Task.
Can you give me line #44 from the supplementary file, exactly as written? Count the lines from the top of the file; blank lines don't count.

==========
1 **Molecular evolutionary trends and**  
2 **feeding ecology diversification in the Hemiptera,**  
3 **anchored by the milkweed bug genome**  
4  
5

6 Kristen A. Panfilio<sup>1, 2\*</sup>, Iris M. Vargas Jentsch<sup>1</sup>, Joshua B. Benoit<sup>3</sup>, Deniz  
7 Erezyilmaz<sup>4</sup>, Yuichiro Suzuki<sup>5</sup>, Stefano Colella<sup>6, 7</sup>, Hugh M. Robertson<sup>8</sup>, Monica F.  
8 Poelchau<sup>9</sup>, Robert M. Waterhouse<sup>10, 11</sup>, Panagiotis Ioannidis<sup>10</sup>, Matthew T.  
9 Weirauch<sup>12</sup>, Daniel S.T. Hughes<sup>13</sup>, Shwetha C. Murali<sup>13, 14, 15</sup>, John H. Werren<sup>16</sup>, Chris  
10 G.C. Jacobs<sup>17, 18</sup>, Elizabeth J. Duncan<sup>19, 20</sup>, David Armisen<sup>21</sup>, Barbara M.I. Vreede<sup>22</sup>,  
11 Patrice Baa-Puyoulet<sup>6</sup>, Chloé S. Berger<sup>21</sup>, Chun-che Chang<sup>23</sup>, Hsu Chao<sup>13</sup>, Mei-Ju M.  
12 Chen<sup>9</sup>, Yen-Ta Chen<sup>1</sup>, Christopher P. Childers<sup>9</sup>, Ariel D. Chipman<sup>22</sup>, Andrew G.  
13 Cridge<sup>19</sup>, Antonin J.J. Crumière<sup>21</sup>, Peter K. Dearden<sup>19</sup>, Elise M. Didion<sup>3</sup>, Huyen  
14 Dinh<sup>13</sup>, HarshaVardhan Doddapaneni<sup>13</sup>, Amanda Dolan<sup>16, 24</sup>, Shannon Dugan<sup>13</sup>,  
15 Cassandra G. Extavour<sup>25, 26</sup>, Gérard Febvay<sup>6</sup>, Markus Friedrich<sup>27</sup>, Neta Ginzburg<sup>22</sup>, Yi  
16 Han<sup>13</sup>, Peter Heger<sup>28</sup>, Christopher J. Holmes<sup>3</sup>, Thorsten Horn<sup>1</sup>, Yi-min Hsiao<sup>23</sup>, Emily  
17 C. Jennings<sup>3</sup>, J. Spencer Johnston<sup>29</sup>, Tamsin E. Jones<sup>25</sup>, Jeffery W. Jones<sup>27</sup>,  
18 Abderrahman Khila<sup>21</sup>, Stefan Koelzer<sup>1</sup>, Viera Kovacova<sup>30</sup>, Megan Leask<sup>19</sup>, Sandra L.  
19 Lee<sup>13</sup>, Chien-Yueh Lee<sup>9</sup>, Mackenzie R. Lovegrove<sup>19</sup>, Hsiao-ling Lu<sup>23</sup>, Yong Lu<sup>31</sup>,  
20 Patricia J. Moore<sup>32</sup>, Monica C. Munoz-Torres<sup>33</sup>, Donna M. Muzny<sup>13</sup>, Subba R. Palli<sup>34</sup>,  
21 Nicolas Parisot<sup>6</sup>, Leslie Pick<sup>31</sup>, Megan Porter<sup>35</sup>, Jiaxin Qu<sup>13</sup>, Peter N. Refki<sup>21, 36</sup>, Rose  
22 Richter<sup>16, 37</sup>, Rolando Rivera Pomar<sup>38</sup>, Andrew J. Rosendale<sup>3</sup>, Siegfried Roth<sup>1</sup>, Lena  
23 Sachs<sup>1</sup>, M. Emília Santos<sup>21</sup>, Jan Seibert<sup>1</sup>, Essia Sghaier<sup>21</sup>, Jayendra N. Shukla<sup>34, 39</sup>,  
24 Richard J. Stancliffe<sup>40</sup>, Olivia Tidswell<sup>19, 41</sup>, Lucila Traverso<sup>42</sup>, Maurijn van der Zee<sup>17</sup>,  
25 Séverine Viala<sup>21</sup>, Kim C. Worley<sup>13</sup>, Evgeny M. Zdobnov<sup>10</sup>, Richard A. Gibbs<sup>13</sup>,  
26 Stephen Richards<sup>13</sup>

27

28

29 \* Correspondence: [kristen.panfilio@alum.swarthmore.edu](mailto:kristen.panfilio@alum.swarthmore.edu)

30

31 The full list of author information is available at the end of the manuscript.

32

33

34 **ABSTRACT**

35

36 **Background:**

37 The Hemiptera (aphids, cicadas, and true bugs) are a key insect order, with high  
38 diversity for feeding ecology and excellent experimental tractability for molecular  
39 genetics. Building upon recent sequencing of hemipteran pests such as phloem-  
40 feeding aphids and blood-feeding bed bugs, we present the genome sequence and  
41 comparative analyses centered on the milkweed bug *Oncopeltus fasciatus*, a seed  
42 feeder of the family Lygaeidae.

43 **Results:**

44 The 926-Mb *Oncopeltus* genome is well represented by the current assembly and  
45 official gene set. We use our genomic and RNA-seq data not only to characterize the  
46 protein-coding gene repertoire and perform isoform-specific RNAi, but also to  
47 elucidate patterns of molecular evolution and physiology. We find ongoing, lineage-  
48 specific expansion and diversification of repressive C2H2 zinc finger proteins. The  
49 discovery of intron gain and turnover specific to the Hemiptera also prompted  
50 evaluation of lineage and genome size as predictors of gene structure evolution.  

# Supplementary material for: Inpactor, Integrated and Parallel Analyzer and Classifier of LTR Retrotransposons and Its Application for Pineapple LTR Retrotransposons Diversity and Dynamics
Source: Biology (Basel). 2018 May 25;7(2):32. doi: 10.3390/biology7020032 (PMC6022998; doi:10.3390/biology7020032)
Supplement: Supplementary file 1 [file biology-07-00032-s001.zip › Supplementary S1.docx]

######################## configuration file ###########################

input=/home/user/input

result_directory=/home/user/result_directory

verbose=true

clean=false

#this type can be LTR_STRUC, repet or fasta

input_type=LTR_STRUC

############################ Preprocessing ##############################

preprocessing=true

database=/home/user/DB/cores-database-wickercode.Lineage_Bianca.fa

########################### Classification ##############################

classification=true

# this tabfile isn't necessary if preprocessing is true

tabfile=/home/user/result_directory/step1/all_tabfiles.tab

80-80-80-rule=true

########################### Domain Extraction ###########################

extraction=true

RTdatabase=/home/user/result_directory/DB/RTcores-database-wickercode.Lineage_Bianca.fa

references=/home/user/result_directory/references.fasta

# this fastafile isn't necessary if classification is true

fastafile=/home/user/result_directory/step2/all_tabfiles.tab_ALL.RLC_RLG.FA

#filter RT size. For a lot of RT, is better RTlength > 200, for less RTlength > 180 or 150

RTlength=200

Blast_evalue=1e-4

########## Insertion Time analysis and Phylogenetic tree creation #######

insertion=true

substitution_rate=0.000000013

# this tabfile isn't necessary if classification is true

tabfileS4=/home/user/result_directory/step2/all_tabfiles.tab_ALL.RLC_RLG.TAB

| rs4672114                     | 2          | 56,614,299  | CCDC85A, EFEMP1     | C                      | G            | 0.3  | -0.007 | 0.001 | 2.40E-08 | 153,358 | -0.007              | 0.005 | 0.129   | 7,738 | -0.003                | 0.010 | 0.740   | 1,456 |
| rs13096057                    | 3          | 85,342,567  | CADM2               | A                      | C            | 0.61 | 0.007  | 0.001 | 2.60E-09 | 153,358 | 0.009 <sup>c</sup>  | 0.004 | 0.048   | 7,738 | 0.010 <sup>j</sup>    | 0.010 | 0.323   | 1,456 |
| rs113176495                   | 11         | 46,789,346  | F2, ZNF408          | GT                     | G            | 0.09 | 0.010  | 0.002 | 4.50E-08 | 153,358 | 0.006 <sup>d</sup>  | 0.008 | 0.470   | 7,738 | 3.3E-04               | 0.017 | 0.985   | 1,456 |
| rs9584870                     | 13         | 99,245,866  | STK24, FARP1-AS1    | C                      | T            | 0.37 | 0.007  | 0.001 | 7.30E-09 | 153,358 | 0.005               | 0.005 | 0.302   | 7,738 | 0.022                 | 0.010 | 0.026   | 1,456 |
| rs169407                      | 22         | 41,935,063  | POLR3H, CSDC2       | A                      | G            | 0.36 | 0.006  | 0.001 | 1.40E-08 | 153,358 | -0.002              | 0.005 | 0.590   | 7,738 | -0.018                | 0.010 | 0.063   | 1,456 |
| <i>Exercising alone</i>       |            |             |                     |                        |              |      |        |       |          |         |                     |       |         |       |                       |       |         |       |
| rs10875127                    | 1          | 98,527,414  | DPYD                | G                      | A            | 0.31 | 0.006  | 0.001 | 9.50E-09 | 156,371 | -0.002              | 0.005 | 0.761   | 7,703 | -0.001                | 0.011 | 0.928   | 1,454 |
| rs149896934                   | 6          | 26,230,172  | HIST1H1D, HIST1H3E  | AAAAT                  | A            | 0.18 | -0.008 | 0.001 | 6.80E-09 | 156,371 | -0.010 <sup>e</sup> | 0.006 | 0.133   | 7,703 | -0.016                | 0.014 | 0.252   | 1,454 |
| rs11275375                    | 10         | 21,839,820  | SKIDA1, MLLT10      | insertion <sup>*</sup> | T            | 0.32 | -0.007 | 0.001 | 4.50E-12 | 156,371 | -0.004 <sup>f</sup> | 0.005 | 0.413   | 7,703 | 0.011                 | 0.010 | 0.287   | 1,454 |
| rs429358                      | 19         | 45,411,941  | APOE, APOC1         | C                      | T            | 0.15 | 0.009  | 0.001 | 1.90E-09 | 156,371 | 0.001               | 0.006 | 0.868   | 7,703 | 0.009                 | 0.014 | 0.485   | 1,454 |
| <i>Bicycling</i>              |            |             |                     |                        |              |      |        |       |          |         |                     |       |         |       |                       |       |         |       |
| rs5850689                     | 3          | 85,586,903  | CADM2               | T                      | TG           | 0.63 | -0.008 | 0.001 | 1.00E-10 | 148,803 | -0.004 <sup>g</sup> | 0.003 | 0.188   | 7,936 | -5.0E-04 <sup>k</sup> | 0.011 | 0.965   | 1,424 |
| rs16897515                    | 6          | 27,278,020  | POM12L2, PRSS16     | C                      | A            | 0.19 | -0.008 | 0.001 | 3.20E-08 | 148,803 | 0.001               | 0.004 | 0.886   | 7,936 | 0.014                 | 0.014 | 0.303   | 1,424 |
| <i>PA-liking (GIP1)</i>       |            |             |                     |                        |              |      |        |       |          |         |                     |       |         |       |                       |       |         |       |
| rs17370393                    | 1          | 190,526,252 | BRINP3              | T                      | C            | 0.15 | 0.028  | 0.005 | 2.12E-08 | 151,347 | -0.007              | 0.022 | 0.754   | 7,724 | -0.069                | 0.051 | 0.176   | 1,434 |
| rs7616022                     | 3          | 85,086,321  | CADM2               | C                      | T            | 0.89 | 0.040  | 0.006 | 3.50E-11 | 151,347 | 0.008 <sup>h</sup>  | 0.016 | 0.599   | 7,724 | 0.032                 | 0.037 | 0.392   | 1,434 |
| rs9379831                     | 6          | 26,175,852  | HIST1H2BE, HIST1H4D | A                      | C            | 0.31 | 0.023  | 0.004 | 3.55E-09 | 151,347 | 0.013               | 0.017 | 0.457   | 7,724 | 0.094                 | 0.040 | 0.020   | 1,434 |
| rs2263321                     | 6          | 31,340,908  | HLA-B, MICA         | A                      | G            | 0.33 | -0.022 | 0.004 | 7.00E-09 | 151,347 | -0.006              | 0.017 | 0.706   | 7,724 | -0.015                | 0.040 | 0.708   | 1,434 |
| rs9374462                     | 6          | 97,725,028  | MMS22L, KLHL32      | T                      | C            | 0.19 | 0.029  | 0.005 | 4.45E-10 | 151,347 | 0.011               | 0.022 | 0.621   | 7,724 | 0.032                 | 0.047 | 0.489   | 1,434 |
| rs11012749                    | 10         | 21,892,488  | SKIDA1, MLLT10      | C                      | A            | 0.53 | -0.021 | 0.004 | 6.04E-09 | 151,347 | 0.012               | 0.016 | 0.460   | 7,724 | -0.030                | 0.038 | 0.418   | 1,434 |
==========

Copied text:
44 The 926-Mb *Oncopeltus* genome is well represented by the current assembly and  